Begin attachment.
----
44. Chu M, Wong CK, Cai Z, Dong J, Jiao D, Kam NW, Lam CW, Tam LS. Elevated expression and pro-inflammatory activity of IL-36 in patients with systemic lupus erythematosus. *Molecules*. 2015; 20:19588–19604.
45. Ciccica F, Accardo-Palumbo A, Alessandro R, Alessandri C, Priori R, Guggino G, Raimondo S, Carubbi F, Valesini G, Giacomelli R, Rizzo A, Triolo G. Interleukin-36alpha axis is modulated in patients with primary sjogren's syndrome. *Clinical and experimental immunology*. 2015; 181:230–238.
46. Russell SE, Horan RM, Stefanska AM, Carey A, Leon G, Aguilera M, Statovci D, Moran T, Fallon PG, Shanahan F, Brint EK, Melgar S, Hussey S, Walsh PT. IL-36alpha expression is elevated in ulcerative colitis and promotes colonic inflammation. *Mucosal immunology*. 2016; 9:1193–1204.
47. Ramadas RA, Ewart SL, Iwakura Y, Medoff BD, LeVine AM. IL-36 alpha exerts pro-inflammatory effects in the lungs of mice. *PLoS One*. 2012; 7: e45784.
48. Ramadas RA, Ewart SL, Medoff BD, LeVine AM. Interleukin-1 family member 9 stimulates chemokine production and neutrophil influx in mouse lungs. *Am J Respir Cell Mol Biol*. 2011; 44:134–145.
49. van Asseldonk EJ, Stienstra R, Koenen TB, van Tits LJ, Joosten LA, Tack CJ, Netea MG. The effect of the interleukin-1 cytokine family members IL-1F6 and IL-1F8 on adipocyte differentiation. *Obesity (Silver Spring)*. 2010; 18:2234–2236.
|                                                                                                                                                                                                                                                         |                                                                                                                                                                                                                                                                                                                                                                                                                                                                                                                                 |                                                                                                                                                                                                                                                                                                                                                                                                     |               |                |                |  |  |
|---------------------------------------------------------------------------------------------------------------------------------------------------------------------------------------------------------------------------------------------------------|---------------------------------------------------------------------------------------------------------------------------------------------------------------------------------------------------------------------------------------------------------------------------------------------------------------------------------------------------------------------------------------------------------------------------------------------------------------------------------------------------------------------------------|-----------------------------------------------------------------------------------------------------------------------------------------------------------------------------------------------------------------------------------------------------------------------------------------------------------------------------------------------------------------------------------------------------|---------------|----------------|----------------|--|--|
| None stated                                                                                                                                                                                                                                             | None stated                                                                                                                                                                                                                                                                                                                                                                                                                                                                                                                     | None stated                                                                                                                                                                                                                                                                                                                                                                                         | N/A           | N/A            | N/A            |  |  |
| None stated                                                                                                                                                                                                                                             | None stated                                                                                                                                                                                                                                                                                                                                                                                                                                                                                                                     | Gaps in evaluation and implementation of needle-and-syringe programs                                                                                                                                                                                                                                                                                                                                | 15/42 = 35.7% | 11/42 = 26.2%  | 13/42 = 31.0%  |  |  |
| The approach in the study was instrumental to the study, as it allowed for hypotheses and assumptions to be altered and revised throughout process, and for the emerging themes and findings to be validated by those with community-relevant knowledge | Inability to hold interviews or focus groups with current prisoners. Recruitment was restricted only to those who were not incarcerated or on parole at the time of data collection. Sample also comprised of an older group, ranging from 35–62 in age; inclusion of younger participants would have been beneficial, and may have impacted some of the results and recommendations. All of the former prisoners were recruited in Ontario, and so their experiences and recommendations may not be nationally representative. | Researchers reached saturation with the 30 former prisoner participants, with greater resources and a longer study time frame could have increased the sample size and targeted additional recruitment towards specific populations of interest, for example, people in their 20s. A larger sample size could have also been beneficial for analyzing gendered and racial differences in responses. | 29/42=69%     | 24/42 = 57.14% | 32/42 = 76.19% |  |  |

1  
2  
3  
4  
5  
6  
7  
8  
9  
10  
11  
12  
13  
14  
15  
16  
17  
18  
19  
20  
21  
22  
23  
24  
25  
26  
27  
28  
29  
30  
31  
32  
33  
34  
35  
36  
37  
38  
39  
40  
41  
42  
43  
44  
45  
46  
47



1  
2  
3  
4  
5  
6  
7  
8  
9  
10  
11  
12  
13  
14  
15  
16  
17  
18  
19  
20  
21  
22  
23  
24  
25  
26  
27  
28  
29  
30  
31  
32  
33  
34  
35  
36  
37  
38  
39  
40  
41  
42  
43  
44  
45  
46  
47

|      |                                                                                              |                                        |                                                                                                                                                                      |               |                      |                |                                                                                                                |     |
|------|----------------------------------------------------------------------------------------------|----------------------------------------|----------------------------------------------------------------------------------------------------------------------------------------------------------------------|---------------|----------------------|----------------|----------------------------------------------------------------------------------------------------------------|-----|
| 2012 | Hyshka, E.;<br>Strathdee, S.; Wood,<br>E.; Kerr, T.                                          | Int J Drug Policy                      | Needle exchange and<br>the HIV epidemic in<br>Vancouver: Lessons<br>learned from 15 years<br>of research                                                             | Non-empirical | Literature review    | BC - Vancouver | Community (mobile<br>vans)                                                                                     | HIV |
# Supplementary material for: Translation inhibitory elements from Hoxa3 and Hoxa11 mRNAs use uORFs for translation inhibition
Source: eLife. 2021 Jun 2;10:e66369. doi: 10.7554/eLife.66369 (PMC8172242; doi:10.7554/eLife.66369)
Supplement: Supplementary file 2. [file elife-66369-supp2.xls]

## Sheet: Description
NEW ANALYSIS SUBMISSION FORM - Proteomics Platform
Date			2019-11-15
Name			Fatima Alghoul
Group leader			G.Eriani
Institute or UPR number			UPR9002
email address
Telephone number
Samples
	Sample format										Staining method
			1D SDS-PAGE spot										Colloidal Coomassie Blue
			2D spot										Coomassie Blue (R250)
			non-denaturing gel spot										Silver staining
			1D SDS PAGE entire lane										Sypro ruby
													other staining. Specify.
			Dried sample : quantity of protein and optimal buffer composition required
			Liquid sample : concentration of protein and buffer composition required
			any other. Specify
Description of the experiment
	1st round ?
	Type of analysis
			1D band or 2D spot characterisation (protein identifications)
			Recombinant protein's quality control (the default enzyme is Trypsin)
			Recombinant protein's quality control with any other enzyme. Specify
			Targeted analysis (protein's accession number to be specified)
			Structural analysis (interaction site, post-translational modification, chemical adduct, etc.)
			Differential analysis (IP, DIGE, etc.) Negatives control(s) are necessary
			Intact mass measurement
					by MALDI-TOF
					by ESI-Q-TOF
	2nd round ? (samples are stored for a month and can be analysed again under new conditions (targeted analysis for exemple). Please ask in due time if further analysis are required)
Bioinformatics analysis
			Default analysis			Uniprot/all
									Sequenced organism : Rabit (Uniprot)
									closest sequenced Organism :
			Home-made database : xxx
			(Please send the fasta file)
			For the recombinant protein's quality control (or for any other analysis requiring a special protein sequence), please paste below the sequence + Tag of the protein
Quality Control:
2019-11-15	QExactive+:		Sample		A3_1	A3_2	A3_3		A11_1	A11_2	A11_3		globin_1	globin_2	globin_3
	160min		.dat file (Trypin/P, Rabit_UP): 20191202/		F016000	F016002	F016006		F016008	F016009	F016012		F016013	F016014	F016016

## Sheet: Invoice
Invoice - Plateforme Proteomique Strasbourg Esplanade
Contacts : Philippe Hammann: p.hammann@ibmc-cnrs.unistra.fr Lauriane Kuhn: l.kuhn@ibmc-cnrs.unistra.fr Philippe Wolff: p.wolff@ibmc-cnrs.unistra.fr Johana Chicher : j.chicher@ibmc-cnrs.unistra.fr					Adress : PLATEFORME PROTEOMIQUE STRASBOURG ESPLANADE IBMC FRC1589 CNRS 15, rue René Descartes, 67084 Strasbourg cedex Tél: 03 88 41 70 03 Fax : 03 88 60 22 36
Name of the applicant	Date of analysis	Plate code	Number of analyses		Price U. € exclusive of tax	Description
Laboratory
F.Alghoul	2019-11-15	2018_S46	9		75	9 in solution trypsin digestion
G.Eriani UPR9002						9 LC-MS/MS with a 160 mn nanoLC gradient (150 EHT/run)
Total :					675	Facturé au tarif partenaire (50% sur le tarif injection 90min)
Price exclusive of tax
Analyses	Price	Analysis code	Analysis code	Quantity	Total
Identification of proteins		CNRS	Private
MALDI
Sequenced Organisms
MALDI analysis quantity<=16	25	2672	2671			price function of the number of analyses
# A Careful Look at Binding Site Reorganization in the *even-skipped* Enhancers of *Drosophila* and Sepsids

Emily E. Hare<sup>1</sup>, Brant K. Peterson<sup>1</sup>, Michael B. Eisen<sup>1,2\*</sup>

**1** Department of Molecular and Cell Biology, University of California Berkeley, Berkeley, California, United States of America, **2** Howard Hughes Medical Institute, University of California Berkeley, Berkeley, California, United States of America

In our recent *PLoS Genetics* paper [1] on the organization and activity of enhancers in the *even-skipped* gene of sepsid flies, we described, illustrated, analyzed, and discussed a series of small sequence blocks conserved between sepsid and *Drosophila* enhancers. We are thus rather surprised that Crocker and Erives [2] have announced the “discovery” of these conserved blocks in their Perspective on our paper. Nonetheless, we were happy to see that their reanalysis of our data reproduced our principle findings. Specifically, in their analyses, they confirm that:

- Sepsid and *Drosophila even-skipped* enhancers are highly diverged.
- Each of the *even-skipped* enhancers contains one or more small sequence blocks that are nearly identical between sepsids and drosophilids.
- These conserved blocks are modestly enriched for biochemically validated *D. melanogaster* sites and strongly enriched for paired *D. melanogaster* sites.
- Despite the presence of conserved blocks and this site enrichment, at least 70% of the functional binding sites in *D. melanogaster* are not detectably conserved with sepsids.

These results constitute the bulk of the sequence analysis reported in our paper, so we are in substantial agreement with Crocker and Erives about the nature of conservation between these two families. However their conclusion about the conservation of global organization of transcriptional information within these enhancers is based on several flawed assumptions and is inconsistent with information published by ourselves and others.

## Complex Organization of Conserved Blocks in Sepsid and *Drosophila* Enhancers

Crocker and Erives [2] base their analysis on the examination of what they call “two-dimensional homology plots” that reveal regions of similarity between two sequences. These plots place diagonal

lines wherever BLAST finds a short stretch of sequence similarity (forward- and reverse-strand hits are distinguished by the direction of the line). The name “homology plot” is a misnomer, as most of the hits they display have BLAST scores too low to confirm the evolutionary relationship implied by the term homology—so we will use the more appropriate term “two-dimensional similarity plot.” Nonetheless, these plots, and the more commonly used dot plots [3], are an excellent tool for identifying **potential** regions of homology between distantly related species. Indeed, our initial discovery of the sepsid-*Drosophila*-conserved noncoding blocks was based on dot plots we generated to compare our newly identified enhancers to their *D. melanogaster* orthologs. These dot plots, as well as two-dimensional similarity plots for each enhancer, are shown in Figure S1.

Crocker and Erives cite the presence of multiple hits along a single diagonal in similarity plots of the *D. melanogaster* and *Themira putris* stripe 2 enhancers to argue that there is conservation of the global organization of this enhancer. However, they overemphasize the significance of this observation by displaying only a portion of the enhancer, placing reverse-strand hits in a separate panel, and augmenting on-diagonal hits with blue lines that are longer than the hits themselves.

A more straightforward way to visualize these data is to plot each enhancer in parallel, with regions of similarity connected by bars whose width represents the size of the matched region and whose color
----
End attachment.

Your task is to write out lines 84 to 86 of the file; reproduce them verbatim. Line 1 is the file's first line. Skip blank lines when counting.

26  
27  
28  